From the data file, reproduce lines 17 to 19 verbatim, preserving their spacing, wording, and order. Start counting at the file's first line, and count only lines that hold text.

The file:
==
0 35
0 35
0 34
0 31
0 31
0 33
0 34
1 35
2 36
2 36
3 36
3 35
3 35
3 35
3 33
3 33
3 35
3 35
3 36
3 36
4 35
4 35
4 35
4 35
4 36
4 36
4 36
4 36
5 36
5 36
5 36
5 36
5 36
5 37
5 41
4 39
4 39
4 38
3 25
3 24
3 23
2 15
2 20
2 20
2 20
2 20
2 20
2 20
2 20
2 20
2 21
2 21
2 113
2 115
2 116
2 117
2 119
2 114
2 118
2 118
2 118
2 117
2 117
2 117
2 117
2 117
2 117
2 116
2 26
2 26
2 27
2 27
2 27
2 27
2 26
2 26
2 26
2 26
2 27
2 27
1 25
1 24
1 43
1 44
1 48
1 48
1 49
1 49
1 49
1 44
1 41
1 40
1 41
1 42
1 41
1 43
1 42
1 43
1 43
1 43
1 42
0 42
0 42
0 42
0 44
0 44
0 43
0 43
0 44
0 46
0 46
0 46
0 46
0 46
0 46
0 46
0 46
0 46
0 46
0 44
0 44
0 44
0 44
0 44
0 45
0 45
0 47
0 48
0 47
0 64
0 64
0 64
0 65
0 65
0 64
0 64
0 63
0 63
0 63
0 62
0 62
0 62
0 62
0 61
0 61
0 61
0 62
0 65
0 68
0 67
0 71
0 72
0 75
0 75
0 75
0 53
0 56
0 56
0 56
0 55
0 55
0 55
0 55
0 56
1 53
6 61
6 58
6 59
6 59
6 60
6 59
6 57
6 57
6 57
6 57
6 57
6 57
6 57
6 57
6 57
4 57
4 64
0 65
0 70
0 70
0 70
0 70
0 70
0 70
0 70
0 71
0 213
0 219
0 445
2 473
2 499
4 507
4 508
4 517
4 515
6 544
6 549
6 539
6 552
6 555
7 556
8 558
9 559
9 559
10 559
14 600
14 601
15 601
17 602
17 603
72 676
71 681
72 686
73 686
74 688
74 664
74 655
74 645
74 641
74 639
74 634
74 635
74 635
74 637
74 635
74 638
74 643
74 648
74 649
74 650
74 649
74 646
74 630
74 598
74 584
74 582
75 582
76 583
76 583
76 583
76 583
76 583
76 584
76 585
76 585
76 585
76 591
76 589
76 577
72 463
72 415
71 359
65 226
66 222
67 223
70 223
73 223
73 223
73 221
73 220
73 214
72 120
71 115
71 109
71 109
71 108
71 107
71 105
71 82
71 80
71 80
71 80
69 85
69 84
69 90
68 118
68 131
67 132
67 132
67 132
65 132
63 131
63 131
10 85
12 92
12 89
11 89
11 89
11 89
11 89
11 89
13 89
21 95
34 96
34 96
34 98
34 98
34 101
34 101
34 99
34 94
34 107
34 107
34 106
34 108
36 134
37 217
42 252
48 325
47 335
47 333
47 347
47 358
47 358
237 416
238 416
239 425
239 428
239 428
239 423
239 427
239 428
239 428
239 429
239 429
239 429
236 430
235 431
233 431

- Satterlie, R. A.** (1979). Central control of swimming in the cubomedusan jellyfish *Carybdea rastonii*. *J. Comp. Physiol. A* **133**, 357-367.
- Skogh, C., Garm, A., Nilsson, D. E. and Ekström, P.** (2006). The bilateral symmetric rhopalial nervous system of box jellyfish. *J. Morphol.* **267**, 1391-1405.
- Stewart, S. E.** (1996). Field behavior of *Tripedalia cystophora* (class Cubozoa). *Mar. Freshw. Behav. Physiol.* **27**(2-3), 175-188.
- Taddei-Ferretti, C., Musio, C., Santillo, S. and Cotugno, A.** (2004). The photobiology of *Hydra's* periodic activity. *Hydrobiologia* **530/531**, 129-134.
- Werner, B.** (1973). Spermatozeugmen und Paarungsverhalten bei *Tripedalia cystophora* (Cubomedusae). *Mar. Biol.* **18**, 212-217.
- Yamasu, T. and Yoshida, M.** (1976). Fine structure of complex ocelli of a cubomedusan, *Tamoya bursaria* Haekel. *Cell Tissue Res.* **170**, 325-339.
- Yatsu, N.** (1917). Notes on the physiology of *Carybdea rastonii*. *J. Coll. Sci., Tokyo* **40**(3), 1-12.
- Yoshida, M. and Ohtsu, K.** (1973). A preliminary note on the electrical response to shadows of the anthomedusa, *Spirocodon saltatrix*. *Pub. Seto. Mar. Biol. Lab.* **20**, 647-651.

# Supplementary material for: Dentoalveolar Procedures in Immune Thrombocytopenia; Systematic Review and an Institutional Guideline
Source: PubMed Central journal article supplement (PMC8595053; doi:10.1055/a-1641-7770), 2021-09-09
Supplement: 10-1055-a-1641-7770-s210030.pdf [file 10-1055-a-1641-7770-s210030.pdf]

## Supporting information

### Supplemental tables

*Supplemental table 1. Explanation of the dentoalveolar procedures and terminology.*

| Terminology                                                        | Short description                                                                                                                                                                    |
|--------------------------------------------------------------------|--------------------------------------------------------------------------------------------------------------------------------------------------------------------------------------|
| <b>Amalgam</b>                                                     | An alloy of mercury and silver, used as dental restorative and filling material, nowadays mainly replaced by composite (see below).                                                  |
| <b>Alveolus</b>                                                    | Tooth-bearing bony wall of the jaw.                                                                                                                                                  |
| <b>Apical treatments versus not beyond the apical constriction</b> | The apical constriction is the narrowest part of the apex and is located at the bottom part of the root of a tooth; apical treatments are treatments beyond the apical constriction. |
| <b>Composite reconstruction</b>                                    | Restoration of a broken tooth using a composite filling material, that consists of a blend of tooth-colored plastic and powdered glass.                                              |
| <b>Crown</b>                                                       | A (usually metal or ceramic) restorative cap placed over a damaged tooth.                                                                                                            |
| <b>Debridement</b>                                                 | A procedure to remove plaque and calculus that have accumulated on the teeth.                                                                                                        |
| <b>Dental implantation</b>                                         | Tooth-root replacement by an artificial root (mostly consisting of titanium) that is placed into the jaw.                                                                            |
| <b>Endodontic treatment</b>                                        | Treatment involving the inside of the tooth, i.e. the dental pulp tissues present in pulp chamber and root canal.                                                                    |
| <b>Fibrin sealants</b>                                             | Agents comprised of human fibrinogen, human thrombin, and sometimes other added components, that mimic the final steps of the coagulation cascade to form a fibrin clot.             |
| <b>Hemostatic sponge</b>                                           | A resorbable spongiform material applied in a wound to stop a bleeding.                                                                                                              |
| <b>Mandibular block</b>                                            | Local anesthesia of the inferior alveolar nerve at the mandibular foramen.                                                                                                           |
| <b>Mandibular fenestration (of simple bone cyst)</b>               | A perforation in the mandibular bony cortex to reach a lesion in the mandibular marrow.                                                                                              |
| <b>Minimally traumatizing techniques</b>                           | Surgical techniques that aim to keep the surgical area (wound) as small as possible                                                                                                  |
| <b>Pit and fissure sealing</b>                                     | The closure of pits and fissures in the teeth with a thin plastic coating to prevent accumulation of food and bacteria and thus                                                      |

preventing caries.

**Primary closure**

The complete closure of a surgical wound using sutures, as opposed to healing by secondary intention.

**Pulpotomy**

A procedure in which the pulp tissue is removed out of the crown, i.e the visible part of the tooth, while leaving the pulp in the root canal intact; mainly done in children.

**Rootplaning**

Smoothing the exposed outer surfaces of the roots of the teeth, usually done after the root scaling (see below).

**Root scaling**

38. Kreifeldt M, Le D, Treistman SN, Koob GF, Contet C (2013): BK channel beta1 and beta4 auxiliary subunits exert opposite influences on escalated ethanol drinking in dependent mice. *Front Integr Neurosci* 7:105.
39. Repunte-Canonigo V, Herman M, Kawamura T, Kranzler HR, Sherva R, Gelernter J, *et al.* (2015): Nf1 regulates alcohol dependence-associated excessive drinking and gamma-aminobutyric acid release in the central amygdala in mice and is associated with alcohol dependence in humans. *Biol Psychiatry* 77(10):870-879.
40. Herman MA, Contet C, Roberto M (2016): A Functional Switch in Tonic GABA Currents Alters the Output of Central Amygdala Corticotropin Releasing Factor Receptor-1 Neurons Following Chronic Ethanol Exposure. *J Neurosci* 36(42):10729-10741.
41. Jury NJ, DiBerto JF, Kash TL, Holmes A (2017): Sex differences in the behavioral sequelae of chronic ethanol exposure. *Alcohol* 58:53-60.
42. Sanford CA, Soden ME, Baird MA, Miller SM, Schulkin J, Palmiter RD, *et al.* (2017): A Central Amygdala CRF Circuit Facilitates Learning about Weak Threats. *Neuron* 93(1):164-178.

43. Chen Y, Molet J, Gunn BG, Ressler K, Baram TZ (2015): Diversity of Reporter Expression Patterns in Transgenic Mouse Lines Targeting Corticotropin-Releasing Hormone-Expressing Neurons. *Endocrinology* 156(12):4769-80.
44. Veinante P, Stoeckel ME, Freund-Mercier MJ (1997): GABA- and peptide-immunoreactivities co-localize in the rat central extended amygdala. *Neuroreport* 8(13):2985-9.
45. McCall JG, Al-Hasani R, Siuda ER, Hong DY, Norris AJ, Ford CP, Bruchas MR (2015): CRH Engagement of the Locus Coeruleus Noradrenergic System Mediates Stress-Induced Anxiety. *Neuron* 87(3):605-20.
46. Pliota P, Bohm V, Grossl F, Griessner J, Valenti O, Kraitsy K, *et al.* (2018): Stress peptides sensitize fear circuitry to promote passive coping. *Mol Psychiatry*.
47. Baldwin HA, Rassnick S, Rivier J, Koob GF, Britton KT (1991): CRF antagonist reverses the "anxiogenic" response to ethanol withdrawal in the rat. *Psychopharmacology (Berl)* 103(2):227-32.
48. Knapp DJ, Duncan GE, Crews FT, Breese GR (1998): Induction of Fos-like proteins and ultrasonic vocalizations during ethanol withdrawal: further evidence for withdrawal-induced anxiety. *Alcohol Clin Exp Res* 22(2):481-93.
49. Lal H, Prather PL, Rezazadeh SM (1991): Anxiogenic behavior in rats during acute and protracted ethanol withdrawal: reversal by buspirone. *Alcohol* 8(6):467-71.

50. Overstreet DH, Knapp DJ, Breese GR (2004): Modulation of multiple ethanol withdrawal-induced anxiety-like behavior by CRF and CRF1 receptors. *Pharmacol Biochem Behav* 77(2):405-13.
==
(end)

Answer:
3 35
3 35
3 36